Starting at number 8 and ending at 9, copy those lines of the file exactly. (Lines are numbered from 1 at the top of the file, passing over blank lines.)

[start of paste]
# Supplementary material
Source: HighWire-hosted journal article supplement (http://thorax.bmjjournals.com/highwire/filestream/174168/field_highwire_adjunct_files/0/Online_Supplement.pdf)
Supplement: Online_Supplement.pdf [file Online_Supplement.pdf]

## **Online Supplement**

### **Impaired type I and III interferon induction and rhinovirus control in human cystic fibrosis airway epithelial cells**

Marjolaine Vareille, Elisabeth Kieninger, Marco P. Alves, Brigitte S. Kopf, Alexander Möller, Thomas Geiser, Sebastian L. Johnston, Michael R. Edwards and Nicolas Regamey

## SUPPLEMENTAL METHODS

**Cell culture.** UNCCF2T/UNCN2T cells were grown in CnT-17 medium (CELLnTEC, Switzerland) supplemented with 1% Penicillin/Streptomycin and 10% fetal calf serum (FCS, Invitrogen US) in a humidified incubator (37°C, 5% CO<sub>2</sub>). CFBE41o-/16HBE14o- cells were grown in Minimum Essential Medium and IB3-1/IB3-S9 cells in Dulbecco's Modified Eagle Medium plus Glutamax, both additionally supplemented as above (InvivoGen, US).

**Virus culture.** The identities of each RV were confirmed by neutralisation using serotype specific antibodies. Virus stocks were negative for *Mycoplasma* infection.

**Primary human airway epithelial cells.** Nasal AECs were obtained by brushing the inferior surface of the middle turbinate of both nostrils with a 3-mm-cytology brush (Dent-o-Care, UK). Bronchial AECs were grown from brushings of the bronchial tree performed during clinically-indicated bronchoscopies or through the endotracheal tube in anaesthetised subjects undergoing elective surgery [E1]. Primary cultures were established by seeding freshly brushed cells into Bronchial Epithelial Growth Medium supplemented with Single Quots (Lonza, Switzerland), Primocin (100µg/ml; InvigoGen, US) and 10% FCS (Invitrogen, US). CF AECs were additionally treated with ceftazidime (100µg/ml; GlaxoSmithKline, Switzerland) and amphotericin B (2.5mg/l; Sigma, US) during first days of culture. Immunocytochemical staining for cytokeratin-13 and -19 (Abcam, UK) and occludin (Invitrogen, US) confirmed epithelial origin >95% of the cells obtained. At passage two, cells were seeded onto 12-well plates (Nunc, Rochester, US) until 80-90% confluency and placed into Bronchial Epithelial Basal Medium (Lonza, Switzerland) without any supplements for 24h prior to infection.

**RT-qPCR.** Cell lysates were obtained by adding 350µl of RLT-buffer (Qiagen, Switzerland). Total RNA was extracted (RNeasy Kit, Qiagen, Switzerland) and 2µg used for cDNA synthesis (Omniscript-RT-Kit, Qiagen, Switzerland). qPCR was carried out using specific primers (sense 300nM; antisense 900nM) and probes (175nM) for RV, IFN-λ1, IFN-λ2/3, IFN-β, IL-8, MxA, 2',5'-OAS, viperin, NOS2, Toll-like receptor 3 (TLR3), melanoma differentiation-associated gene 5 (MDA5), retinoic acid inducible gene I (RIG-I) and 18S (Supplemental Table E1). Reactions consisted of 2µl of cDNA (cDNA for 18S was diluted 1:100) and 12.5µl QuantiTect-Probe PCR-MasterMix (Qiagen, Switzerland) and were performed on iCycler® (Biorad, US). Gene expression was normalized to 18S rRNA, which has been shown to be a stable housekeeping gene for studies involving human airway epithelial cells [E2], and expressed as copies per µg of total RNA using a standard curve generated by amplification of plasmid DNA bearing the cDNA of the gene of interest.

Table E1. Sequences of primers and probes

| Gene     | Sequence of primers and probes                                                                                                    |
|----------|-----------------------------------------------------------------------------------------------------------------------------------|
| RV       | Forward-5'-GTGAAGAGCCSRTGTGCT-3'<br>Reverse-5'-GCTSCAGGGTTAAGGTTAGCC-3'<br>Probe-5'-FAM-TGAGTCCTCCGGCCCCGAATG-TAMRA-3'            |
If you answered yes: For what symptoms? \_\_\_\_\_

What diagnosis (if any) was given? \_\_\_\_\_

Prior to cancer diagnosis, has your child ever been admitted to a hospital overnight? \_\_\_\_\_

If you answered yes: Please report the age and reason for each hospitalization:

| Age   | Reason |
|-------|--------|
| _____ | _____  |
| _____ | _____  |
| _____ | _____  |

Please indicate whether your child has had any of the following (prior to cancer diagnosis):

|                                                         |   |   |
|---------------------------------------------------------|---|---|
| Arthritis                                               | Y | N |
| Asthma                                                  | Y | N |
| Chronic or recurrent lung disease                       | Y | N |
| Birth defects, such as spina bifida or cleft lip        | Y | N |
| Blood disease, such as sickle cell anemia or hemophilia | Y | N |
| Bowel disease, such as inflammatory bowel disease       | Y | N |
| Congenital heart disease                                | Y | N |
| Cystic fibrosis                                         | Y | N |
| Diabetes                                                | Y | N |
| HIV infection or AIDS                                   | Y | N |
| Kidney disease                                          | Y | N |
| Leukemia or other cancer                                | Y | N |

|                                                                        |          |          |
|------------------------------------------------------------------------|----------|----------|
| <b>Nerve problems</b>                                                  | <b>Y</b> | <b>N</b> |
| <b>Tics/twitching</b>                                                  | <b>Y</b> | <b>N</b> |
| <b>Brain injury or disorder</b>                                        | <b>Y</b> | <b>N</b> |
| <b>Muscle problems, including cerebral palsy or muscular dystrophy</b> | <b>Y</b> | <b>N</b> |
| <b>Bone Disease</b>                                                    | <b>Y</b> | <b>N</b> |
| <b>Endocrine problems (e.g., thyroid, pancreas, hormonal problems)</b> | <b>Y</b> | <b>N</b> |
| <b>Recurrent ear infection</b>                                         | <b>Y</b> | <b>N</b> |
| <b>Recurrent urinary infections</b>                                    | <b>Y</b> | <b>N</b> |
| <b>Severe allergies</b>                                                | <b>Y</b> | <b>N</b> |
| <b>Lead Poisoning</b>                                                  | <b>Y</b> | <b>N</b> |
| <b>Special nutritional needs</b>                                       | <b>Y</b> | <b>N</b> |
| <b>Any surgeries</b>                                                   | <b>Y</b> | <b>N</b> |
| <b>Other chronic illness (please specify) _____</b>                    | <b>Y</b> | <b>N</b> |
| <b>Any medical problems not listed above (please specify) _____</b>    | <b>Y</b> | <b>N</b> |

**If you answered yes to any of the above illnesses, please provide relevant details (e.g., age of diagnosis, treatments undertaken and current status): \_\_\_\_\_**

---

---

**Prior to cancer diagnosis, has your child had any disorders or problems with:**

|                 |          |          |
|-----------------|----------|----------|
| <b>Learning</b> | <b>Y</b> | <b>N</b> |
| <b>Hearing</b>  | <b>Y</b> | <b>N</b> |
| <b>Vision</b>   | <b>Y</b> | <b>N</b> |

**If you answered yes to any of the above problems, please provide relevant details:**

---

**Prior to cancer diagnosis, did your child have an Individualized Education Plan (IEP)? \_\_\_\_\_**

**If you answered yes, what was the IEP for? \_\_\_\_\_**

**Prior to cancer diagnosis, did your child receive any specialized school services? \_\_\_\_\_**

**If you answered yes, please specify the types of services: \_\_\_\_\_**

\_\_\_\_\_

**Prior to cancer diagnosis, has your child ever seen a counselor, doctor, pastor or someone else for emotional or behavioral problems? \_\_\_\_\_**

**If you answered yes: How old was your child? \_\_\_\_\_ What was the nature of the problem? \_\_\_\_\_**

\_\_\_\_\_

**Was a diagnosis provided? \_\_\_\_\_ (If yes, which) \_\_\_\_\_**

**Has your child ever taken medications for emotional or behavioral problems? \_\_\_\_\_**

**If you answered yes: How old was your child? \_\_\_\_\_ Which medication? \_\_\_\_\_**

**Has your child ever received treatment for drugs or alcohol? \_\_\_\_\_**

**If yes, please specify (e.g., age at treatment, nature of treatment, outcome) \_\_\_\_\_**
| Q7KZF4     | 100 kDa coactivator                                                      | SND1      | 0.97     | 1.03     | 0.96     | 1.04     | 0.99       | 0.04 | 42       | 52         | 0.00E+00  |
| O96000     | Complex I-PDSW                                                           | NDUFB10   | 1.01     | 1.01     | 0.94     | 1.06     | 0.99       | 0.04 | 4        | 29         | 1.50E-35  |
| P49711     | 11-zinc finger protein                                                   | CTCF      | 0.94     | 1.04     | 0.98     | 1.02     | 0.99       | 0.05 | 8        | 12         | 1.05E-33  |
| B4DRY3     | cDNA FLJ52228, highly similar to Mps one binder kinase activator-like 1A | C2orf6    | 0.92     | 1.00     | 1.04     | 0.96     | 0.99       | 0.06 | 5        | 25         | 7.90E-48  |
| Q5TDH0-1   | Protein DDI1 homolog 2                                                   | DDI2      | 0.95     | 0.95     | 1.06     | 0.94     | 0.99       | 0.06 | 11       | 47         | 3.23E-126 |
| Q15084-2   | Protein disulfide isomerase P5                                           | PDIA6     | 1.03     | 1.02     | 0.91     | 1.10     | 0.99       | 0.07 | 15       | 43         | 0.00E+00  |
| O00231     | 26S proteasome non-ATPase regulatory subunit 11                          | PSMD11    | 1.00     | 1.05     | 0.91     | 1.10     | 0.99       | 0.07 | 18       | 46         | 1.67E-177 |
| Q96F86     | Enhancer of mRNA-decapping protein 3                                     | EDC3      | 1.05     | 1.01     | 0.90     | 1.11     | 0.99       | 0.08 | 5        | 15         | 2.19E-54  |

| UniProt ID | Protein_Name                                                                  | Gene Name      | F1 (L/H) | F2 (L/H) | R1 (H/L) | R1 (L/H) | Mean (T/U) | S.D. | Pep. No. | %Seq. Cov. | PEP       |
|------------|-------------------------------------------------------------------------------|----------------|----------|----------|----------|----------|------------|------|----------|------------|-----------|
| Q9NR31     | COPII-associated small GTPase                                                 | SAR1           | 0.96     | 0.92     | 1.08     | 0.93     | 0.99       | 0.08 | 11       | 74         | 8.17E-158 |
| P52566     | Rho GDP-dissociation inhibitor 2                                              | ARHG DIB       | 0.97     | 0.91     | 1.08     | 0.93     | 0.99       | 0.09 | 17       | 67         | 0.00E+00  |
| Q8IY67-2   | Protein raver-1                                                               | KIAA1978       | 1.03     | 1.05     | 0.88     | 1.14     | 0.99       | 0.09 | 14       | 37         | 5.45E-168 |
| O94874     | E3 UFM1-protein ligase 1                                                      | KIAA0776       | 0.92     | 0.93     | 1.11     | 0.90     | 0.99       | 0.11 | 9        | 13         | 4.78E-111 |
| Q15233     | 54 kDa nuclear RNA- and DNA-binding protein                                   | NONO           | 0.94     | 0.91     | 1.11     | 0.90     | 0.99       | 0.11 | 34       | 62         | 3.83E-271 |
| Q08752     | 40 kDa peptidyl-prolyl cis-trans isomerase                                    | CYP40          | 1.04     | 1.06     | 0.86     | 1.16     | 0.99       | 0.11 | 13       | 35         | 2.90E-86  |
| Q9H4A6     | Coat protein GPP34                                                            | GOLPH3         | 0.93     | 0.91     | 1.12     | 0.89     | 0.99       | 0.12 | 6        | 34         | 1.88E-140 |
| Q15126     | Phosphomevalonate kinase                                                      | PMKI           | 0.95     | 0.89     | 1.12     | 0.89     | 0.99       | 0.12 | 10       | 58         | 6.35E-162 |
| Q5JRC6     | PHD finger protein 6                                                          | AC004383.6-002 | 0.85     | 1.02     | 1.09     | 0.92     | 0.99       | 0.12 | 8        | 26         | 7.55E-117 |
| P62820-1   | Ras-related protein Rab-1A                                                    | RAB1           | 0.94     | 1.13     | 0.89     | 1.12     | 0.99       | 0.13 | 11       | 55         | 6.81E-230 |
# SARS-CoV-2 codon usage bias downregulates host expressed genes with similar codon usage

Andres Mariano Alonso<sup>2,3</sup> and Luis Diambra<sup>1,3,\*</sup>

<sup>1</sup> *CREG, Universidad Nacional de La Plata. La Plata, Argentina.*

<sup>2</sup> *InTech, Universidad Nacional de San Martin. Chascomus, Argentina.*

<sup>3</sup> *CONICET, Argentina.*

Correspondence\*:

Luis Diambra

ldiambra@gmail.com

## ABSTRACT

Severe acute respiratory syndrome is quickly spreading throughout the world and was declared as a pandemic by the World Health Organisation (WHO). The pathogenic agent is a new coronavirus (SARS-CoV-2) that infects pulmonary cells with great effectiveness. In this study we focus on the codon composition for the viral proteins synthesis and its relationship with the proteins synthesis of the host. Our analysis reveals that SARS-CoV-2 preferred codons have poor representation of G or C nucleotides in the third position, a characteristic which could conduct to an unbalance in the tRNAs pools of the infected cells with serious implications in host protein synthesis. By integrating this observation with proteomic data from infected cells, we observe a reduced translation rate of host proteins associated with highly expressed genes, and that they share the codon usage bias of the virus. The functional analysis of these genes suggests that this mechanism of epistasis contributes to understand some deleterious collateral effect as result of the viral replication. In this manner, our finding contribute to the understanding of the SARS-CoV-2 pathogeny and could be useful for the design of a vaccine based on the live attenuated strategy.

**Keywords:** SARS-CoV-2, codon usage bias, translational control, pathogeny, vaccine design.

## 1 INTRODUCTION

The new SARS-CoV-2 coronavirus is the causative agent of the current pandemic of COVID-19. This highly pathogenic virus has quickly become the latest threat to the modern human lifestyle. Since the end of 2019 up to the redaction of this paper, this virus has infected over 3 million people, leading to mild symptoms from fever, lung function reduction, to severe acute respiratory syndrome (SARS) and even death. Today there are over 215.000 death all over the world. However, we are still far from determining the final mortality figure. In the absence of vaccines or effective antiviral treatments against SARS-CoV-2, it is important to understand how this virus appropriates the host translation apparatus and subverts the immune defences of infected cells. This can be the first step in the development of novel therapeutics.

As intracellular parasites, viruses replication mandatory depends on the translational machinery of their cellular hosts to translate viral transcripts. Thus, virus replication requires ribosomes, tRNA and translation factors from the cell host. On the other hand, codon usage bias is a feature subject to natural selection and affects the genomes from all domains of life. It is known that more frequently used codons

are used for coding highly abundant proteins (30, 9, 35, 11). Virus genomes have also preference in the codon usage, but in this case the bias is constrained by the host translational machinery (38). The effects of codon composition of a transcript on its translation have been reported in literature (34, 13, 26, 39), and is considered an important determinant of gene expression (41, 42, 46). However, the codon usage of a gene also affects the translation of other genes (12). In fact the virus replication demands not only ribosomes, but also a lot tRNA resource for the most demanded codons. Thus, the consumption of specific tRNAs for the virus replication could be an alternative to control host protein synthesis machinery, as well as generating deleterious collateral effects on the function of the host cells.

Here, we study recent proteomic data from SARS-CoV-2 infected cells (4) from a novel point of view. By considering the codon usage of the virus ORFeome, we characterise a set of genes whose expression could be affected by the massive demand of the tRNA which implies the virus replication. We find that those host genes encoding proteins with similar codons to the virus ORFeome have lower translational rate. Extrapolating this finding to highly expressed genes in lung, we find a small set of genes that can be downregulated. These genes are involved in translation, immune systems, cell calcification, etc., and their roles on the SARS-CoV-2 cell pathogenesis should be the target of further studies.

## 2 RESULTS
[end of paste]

**Cell culture.** UNCCF2T/UNCN2T cells were grown in CnT-17 medium (CELLnTEC, Switzerland) supplemented with 1% Penicillin/Streptomycin and 10% fetal calf serum (FCS, Invitrogen US) in a humidified incubator (37°C, 5% CO<sub>2</sub>). CFBE41o-/16HBE14o- cells were grown in Minimum Essential Medium and IB3-1/IB3-S9 cells in Dulbecco's Modified Eagle Medium plus Glutamax, both additionally supplemented as above (InvivoGen, US).

**Virus culture.** The identities of each RV were confirmed by neutralisation using serotype specific antibodies. Virus stocks were negative for *Mycoplasma* infection.